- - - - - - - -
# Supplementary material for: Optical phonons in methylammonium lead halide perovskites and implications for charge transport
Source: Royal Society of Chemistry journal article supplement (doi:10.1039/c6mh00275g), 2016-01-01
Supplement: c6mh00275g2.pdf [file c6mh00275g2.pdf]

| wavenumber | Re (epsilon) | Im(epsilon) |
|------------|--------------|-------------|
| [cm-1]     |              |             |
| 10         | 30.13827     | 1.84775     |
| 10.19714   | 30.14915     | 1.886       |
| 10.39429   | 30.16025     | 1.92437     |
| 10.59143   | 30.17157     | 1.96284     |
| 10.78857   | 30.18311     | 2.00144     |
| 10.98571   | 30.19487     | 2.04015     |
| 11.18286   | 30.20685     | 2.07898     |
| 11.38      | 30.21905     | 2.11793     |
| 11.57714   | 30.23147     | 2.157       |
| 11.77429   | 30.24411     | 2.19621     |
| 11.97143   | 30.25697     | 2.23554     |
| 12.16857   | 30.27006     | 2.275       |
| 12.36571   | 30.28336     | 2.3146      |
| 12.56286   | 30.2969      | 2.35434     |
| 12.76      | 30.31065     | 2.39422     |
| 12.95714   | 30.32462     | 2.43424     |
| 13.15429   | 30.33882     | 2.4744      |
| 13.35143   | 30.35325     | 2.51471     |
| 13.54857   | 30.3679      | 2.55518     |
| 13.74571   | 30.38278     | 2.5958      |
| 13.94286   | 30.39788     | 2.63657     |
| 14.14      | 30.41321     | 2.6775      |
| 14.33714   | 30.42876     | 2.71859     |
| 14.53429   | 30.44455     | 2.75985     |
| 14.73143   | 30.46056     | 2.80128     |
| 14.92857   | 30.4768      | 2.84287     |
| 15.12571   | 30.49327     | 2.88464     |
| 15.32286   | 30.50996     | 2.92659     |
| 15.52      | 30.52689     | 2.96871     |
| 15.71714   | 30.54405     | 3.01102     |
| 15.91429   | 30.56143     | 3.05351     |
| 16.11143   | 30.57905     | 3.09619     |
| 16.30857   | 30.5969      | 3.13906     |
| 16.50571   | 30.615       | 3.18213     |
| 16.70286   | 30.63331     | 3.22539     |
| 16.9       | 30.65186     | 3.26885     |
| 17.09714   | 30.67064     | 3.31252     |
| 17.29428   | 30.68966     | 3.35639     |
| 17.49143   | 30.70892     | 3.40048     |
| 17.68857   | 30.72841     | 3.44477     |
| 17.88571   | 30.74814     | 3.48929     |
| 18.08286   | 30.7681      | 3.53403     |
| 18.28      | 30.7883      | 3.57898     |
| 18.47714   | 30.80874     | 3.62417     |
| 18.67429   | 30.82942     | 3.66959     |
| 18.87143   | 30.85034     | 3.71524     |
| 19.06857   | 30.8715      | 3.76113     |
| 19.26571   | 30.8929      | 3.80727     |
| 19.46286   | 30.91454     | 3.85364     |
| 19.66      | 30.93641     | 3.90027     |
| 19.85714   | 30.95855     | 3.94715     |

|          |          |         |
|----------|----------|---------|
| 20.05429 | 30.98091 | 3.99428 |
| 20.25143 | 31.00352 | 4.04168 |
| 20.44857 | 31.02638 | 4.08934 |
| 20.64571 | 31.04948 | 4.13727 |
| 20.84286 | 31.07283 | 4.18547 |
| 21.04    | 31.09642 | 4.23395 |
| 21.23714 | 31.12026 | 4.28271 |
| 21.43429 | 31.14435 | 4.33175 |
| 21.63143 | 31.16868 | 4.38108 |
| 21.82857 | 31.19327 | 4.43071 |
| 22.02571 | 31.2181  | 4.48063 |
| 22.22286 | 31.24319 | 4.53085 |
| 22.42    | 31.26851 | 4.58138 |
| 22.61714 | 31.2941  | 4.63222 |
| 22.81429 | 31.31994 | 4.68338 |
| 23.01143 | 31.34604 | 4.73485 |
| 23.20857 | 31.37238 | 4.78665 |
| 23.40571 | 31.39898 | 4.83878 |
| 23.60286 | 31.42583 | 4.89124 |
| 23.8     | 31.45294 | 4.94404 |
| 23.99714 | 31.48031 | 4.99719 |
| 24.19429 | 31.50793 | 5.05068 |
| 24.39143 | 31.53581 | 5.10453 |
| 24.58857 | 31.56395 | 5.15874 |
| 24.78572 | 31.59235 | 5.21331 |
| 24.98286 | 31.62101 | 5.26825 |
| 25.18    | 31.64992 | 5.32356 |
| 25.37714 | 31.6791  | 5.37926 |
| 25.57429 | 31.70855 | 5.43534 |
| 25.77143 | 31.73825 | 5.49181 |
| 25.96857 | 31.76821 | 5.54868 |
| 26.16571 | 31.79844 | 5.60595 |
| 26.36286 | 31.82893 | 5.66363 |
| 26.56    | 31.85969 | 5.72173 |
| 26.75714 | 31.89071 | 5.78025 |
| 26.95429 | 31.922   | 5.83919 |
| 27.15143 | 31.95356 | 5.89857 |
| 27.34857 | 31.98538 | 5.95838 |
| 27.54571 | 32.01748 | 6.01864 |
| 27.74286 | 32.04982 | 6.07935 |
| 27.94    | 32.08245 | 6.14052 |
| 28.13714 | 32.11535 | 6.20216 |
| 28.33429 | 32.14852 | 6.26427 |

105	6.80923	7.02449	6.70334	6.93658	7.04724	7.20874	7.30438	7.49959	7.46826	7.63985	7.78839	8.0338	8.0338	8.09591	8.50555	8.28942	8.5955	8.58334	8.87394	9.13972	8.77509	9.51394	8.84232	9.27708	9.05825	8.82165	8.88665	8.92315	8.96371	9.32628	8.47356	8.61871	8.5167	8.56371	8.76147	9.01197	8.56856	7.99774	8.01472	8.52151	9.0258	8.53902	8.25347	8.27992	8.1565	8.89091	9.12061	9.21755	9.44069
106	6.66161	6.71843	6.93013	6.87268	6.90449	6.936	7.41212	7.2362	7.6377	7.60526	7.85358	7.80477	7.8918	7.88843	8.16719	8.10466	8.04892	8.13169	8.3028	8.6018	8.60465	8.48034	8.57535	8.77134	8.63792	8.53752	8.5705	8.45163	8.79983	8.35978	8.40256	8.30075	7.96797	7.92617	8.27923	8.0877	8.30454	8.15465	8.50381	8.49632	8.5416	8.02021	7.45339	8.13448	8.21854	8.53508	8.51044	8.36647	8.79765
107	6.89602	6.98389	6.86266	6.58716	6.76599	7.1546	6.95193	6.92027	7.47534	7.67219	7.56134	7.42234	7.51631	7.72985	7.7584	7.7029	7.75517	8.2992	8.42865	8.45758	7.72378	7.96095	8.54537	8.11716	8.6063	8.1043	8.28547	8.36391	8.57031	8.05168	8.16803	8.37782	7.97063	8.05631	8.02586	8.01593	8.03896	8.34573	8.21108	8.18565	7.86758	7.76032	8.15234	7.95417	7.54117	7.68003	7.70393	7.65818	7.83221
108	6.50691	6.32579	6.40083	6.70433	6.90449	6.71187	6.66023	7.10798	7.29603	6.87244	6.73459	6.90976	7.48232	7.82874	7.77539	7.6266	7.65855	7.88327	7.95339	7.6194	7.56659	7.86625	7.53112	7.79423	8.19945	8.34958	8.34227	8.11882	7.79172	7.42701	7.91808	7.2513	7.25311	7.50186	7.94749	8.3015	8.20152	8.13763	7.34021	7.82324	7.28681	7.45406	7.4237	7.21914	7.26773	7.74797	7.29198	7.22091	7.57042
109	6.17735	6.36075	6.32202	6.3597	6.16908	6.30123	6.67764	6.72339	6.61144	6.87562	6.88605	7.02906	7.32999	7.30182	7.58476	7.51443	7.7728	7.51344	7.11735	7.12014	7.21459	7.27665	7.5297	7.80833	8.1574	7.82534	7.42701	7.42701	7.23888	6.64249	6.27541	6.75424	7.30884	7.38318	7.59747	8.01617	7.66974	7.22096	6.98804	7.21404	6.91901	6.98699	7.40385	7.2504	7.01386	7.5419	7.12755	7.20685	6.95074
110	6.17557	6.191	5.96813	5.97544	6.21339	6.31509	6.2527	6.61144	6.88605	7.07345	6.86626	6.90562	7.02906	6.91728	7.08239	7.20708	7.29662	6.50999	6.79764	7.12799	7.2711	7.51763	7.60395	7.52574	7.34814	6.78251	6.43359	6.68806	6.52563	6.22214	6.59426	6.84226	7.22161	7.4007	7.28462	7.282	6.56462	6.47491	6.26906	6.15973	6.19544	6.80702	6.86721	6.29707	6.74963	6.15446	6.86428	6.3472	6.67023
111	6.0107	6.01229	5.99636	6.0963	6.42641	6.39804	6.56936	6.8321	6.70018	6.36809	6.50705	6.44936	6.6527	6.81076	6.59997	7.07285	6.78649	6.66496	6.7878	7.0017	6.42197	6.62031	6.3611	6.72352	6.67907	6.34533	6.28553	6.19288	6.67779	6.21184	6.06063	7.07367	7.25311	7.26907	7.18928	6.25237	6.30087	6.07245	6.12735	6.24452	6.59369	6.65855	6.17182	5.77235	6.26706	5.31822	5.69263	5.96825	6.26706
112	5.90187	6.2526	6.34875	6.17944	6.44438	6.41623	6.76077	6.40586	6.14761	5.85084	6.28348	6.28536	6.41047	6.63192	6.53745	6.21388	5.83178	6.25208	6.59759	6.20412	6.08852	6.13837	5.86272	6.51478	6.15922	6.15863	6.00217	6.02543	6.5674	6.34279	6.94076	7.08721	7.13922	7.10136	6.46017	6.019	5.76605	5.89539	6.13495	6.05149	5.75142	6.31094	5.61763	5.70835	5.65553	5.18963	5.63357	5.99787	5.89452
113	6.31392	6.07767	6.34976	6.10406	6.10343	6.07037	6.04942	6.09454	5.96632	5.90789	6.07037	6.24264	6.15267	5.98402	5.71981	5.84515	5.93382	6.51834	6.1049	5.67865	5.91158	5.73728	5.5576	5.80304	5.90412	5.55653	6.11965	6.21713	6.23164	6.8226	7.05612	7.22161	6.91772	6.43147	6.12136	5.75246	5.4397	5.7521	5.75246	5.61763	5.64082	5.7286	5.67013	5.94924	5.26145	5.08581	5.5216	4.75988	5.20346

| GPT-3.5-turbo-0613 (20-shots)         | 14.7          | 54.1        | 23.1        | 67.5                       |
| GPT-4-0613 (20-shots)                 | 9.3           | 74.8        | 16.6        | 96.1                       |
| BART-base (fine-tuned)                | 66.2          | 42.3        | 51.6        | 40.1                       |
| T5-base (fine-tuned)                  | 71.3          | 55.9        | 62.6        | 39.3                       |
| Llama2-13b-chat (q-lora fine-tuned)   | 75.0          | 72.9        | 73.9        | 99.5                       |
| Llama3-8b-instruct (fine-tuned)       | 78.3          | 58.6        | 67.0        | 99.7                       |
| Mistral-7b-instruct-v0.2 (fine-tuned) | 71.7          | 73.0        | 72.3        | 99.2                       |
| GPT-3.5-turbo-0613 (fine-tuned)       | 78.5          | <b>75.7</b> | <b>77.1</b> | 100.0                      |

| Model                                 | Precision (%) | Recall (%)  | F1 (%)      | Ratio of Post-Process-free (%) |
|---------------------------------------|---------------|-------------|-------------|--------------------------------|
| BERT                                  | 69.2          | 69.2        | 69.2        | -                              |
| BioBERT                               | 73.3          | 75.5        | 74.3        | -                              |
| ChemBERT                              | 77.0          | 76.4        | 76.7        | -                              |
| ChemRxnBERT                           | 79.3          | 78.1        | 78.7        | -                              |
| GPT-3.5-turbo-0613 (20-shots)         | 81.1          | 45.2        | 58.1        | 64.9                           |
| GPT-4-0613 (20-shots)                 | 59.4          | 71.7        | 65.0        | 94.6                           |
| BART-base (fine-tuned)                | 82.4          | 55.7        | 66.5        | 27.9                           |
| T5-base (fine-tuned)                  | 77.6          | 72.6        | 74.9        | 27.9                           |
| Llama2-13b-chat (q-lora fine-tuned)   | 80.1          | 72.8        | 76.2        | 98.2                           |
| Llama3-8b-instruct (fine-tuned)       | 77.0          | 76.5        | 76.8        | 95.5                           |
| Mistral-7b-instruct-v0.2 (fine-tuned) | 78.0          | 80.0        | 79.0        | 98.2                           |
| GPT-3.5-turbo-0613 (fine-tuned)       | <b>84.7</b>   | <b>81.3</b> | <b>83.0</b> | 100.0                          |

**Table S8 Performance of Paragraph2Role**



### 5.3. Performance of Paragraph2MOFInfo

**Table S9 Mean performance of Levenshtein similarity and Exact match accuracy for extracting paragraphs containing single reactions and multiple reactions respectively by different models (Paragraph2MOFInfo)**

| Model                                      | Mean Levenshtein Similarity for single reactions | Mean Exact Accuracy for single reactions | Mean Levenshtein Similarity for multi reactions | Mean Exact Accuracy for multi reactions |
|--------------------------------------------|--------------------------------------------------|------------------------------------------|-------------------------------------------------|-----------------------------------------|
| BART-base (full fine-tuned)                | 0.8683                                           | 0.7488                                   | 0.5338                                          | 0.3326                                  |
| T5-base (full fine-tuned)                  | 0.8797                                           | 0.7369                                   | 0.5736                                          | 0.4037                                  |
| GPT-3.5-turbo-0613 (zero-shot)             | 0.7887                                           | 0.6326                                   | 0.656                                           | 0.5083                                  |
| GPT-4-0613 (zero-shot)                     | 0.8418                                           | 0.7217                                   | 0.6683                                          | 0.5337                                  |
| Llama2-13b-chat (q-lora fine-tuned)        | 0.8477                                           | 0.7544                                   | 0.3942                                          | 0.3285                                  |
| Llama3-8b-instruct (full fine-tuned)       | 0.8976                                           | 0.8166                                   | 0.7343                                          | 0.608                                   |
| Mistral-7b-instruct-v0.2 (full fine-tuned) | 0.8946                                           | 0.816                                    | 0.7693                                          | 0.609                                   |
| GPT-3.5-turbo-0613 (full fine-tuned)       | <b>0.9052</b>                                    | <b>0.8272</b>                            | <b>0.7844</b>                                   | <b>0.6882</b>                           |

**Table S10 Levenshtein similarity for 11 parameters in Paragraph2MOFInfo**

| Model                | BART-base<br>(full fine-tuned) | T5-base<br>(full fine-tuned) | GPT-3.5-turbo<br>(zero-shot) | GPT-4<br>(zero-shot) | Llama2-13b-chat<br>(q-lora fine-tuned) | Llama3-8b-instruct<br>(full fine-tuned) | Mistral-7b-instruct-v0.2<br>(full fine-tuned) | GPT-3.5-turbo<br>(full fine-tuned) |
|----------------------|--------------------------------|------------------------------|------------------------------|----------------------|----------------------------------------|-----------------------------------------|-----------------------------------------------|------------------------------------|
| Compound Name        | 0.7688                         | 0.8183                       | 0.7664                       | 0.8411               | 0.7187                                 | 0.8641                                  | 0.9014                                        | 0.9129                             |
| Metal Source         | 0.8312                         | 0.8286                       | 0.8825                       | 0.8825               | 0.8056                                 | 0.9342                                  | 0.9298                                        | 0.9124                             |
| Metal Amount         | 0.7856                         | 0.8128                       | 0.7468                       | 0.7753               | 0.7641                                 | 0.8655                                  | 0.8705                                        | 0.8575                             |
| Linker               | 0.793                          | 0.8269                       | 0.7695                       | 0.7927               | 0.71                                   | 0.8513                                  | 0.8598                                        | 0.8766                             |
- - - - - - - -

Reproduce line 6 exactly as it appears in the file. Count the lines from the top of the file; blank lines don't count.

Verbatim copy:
| [cm-1]     |              |             |